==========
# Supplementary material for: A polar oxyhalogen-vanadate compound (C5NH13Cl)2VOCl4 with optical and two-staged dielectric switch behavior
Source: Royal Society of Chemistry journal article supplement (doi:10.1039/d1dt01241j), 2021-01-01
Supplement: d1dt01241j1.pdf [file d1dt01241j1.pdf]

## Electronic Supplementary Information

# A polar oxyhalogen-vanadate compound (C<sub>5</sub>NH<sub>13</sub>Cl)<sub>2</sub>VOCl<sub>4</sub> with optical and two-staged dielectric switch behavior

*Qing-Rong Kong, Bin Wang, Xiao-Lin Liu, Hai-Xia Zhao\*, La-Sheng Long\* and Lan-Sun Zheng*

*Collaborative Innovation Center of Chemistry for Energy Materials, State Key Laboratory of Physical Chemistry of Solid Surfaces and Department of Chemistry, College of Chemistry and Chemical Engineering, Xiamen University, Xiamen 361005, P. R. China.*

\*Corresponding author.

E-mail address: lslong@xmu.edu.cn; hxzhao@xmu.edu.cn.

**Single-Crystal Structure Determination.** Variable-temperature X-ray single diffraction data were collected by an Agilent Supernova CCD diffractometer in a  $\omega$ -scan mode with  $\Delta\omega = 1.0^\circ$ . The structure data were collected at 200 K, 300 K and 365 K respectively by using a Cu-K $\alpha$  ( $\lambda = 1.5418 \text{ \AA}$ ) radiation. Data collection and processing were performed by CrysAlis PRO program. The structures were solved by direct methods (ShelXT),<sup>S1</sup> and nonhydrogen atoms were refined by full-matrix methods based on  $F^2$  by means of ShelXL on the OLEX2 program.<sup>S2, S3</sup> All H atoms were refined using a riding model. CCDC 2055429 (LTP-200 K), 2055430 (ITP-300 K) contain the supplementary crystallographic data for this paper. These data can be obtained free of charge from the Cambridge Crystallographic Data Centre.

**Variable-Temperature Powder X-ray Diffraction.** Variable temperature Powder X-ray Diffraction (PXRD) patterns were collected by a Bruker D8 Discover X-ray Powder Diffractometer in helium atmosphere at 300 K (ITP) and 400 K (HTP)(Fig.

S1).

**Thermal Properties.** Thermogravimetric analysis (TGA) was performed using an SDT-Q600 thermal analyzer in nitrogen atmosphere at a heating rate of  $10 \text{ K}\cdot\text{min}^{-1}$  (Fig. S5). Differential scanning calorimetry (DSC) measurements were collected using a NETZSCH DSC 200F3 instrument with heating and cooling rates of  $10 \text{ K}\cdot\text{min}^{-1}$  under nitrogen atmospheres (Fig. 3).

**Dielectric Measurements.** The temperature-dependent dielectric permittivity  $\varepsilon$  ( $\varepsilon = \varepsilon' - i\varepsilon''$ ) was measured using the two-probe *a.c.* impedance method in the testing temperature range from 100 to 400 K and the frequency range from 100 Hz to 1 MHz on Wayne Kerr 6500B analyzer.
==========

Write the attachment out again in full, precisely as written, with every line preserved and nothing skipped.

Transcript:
# Supplementary material for: A polar oxyhalogen-vanadate compound (C5NH13Cl)2VOCl4 with optical and two-staged dielectric switch behavior
Source: Royal Society of Chemistry journal article supplement (doi:10.1039/d1dt01241j), 2021-01-01
Supplement: d1dt01241j1.pdf [file d1dt01241j1.pdf]

## Electronic Supplementary Information

# A polar oxyhalogen-vanadate compound (C<sub>5</sub>NH<sub>13</sub>Cl)<sub>2</sub>VOCl<sub>4</sub> with optical and two-staged dielectric switch behavior

*Qing-Rong Kong, Bin Wang, Xiao-Lin Liu, Hai-Xia Zhao\*, La-Sheng Long\* and Lan-Sun Zheng*

*Collaborative Innovation Center of Chemistry for Energy Materials, State Key Laboratory of Physical Chemistry of Solid Surfaces and Department of Chemistry, College of Chemistry and Chemical Engineering, Xiamen University, Xiamen 361005, P. R. China.*

\*Corresponding author.

E-mail address: lslong@xmu.edu.cn; hxzhao@xmu.edu.cn.

**Single-Crystal Structure Determination.** Variable-temperature X-ray single diffraction data were collected by an Agilent Supernova CCD diffractometer in a  $\omega$ -scan mode with  $\Delta\omega = 1.0^\circ$ . The structure data were collected at 200 K, 300 K and 365 K respectively by using a Cu-K $\alpha$  ( $\lambda = 1.5418 \text{ \AA}$ ) radiation. Data collection and processing were performed by CrysAlis PRO program. The structures were solved by direct methods (ShelXT),<sup>S1</sup> and nonhydrogen atoms were refined by full-matrix methods based on  $F^2$  by means of ShelXL on the OLEX2 program.<sup>S2, S3</sup> All H atoms were refined using a riding model. CCDC 2055429 (LTP-200 K), 2055430 (ITP-300 K) contain the supplementary crystallographic data for this paper. These data can be obtained free of charge from the Cambridge Crystallographic Data Centre.

**Variable-Temperature Powder X-ray Diffraction.** Variable temperature Powder X-ray Diffraction (PXRD) patterns were collected by a Bruker D8 Discover X-ray Powder Diffractometer in helium atmosphere at 300 K (ITP) and 400 K (HTP)(Fig.

S1).

**Thermal Properties.** Thermogravimetric analysis (TGA) was performed using an SDT-Q600 thermal analyzer in nitrogen atmosphere at a heating rate of  $10 \text{ K}\cdot\text{min}^{-1}$  (Fig. S5). Differential scanning calorimetry (DSC) measurements were collected using a NETZSCH DSC 200F3 instrument with heating and cooling rates of  $10 \text{ K}\cdot\text{min}^{-1}$  under nitrogen atmospheres (Fig. 3).

**Dielectric Measurements.** The temperature-dependent dielectric permittivity  $\varepsilon$  ( $\varepsilon = \varepsilon' - i\varepsilon''$ ) was measured using the two-probe *a.c.* impedance method in the testing temperature range from 100 to 400 K and the frequency range from 100 Hz to 1 MHz on Wayne Kerr 6500B analyzer.